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The first person I talked to about the Harvey Weinstein story was my mom. She was visiting me in New York and we were about to go on a week-long trip to Paris. Once we were in Paris, I remember feeling distinctly happy for the opportunity to turn off my phone and ignore the news. My mom and I didn’t talk about it at length, in part because I didn’t yet know about the ripple effect of the Weinstein revelations—if you can call them that, considering how many people knew about his abuses long before two New York Times reporters exposed them. I was just happy to be on vacation, to be away from the news cycle.

At night, I’d scroll through Twitter for a minute or two before stopping, for reasons that I had trouble articulating to myself at the time. It already felt like too much; the hashtag and the subsequent stories seemed to move as fast as a bullet train. The feeling that I would never catch up had settled in. In these moments, I would click my phone off and talk to my mom about anything else. Then I got a text from a friend, its arrival several hours delayed because of my intermittent Wi-Fi access. “Have you been keeping up with this shitty men in media thing?” she asked. I didn’t know exactly what she was talking about, but I knew what she was talking about. I wrote back: “You’re going to have to be more specific.”


Abuse is devastatingly, heartbreakingly, and mind-achingly common. #MeToo has not only emboldened victims of sexual harassment, assault, abuse, rape, and other forms of gendered violence to come forward—it has also, crucially, asked the rest of us to stand by and to bear witness; a form of emotional labor that can be grueling. As listening to survivors has become something closer to the norm in my circles rather than a rare exception, it’s also become a form of citizenship. Believing survivors demands and creates another iteration of citizenship, one that, in this political climate, you’re asked to renew it over and over and over.

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Believing is a leap of faith, but since the Weinstein story, #MeToo as asked us to make it nearly every other week—everytime, at least, another story of harassment or abuse breaks. That level of sustained and engaged duty to each other can mean reliving traumas, or re-examining and questioning experiences you once thought to be ironclad and learning that they are not. Taken to its logical extreme, an earnest critique of structures that the #MeToo movement aims to dismantle can mean accepting that you, too, have a story to tell.

Like many women I know, I have become personally familiar with this kind of vertigo over the last year. The deluge of stories that began to rise in October of last year and hasn’t stopped has made my head spin. Every time there is a new one in the news, I ask: How many are left? In these moments I attempt some basic mental math: How many industries face the same level of harassment as the entertainment industry; how many communities have even less power to curb it with less access to the media? How many victims are still out there? How long has it gone on?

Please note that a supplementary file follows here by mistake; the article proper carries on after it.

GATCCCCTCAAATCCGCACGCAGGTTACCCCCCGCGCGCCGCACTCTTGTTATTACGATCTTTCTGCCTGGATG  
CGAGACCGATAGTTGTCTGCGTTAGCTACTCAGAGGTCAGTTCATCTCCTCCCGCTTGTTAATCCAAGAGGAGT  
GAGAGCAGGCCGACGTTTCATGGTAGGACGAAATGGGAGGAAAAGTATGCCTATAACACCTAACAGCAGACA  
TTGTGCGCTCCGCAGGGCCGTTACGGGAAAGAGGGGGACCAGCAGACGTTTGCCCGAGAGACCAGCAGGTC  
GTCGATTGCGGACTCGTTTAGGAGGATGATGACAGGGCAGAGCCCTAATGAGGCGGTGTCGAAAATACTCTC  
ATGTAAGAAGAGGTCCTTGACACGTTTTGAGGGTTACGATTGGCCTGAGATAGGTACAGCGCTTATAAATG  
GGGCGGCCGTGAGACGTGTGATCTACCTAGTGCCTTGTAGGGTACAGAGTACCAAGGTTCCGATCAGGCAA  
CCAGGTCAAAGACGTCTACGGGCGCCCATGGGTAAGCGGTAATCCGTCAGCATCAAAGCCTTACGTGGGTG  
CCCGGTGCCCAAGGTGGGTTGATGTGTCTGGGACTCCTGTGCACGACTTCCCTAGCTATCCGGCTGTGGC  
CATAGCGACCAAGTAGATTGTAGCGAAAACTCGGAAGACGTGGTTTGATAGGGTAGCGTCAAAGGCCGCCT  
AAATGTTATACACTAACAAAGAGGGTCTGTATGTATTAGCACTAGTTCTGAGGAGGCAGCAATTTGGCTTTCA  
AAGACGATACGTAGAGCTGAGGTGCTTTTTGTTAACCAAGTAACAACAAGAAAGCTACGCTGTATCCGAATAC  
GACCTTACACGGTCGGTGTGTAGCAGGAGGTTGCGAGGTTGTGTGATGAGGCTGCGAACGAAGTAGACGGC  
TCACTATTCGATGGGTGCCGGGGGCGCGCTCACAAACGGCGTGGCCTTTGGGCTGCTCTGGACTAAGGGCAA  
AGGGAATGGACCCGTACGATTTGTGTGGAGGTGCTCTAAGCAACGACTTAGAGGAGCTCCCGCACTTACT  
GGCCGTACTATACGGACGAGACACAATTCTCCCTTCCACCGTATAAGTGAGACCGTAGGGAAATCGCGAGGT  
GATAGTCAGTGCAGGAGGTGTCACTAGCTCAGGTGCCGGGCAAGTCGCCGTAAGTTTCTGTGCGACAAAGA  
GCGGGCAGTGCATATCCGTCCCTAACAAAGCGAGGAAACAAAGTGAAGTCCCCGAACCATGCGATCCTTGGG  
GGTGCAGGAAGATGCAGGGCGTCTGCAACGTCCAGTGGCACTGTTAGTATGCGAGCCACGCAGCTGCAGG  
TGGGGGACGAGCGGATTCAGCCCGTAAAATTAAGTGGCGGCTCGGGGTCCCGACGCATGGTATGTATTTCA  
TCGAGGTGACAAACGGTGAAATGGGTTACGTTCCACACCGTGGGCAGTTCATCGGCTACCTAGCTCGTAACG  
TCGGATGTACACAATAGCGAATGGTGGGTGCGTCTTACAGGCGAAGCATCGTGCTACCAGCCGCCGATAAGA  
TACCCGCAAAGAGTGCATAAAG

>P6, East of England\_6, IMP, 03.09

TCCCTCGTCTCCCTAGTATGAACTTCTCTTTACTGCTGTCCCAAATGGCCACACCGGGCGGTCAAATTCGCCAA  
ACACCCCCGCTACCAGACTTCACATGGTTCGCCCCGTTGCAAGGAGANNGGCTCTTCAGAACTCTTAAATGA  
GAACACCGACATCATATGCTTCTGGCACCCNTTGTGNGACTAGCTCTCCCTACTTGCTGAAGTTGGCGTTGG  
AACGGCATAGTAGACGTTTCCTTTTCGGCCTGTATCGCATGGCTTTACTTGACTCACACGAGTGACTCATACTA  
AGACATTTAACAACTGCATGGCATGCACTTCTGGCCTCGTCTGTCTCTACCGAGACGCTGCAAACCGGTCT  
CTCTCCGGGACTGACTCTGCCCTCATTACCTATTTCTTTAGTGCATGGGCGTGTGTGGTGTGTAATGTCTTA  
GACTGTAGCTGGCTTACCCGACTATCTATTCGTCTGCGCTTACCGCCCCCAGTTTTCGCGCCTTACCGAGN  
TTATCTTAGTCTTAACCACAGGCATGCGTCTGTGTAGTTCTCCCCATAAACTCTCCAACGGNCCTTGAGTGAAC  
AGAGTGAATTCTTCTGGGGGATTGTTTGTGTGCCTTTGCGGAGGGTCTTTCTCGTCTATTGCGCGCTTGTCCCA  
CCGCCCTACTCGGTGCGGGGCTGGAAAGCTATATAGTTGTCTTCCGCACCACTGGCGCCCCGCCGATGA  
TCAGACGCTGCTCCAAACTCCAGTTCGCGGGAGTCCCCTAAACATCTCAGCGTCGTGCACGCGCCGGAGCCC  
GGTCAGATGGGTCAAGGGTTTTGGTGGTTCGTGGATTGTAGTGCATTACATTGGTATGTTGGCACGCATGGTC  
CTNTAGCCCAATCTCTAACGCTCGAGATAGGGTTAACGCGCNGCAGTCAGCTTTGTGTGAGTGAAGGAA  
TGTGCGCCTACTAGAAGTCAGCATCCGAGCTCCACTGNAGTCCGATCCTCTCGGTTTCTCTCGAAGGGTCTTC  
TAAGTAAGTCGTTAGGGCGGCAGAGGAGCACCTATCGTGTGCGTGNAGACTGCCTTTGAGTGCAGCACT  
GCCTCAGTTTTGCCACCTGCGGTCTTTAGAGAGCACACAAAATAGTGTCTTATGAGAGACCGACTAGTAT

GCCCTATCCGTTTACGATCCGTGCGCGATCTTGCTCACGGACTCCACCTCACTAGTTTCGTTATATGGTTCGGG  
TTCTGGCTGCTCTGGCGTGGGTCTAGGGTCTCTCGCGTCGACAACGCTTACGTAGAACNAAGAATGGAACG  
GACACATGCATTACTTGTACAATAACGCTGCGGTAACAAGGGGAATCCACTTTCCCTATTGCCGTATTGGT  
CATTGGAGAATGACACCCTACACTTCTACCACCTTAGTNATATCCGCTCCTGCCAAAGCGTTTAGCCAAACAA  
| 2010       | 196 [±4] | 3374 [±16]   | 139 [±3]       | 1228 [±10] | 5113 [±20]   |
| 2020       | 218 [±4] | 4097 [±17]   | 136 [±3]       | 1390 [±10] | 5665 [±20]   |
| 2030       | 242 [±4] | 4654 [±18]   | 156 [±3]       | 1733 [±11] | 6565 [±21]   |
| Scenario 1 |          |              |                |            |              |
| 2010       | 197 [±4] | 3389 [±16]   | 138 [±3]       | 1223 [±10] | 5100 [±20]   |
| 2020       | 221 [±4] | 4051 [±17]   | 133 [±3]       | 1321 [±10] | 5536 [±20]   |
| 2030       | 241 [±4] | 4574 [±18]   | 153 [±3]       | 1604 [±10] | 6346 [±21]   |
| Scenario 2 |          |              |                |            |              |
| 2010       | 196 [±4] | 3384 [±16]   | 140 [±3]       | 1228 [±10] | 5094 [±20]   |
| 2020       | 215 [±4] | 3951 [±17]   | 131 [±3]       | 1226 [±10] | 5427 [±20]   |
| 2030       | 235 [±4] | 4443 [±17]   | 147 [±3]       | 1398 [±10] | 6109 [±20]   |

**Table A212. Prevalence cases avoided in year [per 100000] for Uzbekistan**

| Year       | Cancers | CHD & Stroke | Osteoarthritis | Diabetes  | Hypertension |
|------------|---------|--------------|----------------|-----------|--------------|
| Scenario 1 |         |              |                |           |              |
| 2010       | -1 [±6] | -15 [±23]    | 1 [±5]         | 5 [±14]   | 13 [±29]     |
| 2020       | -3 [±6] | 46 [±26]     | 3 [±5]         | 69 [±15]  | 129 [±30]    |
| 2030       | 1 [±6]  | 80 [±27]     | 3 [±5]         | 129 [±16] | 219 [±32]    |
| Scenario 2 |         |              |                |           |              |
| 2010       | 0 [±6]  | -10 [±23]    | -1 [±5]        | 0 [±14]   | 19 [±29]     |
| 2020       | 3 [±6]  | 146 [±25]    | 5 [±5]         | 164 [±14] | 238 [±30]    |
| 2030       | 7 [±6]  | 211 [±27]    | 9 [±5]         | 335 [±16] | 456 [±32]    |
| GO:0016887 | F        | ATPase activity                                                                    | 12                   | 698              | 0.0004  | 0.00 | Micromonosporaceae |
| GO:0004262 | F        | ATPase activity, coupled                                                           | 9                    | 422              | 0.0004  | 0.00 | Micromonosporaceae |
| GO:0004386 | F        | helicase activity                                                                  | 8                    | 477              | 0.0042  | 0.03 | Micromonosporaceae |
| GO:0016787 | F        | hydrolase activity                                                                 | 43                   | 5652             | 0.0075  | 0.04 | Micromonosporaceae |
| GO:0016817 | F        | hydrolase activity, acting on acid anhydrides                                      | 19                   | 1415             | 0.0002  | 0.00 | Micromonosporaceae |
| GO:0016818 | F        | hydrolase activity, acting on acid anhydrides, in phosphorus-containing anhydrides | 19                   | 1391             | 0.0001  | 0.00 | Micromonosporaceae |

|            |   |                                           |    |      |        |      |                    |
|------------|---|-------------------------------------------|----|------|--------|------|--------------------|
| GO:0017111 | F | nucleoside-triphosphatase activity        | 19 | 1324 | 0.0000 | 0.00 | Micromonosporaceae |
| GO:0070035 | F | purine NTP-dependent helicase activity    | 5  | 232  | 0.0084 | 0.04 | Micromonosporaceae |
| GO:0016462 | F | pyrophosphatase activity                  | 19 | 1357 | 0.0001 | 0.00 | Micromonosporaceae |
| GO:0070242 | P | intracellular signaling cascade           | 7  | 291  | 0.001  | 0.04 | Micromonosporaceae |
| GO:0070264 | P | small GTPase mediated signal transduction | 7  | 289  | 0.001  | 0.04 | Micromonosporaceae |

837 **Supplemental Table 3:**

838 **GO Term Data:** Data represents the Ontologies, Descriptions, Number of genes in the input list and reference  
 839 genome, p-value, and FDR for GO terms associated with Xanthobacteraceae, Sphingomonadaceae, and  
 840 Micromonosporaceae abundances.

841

When I get a tight feeling in the back of my throat, I stop trying to calculate. But I know the answer: there are innumerable stories. The deluge of #MeToo is endless; these stories of abuse will flow forever.

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To the likely disappointment of men seeking comebacks, for fans seeking the return of their disgraced heroes, there will be no “end” to #MeToo. To put faith in such a fantasy is to also be satisfied with the fiction that the public first heard about how difficult it is to be a woman when the Weinstein story broke. (Rest assured: Everyone knew. Tarana Burke began her work more than a decade ago. Last October was just a date on the calendar that marked the point at which the public could no longer easily look away.)

But 2017 is a handy bit of history-making; it says, this awareness started in full on this one particular autumn day, suggesting that, if we work really hard, we can put this to rest one day, too. And I hope that we can. But I’m not sure that we will. Meaningful structural and legislative reform takes time but changing cultural norms takes even longer.


I have begun to wonder which is more important: Writing protections for women and workers and other vulnerable populations into the law, or creating a new country for this new citizenship, one where those laws are enforced, where people care about the transgressions of men and the hurt they enact on others, where people care enough, perhaps, not to confirm these men to the Supreme Court. Take, for example, Senator Susan Collins who said that she found Christine Ford’s testimony on Brett Kavanaugh to be “heart-wrenching” and “compelling.” But Collins also said, “I do not believe that Brett Kavanaugh was her assailant. I do believe that she was assaulted.” The rhetoric of #MeToo was enough for Collins even as the hashtag’s trenchant critique was completely stripped away.

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It is not enough, then, to simply “believe women.” “Believe women” cannot be #MeToo’s greatest cultural contribution. It is necessary, but so are many other things. If #MeToo can catalyze another form of citizenship, we will be lucky—one that concerns itself not just with bearing witness, not just with suspending our reservations every time we are confronted with a story about a woman’s life being ruined, but with seeking a way to make amends, to bring justice to a deeply unjust world. We didn’t just find out it’s unjust this year. But the next year will be a test of how much we care.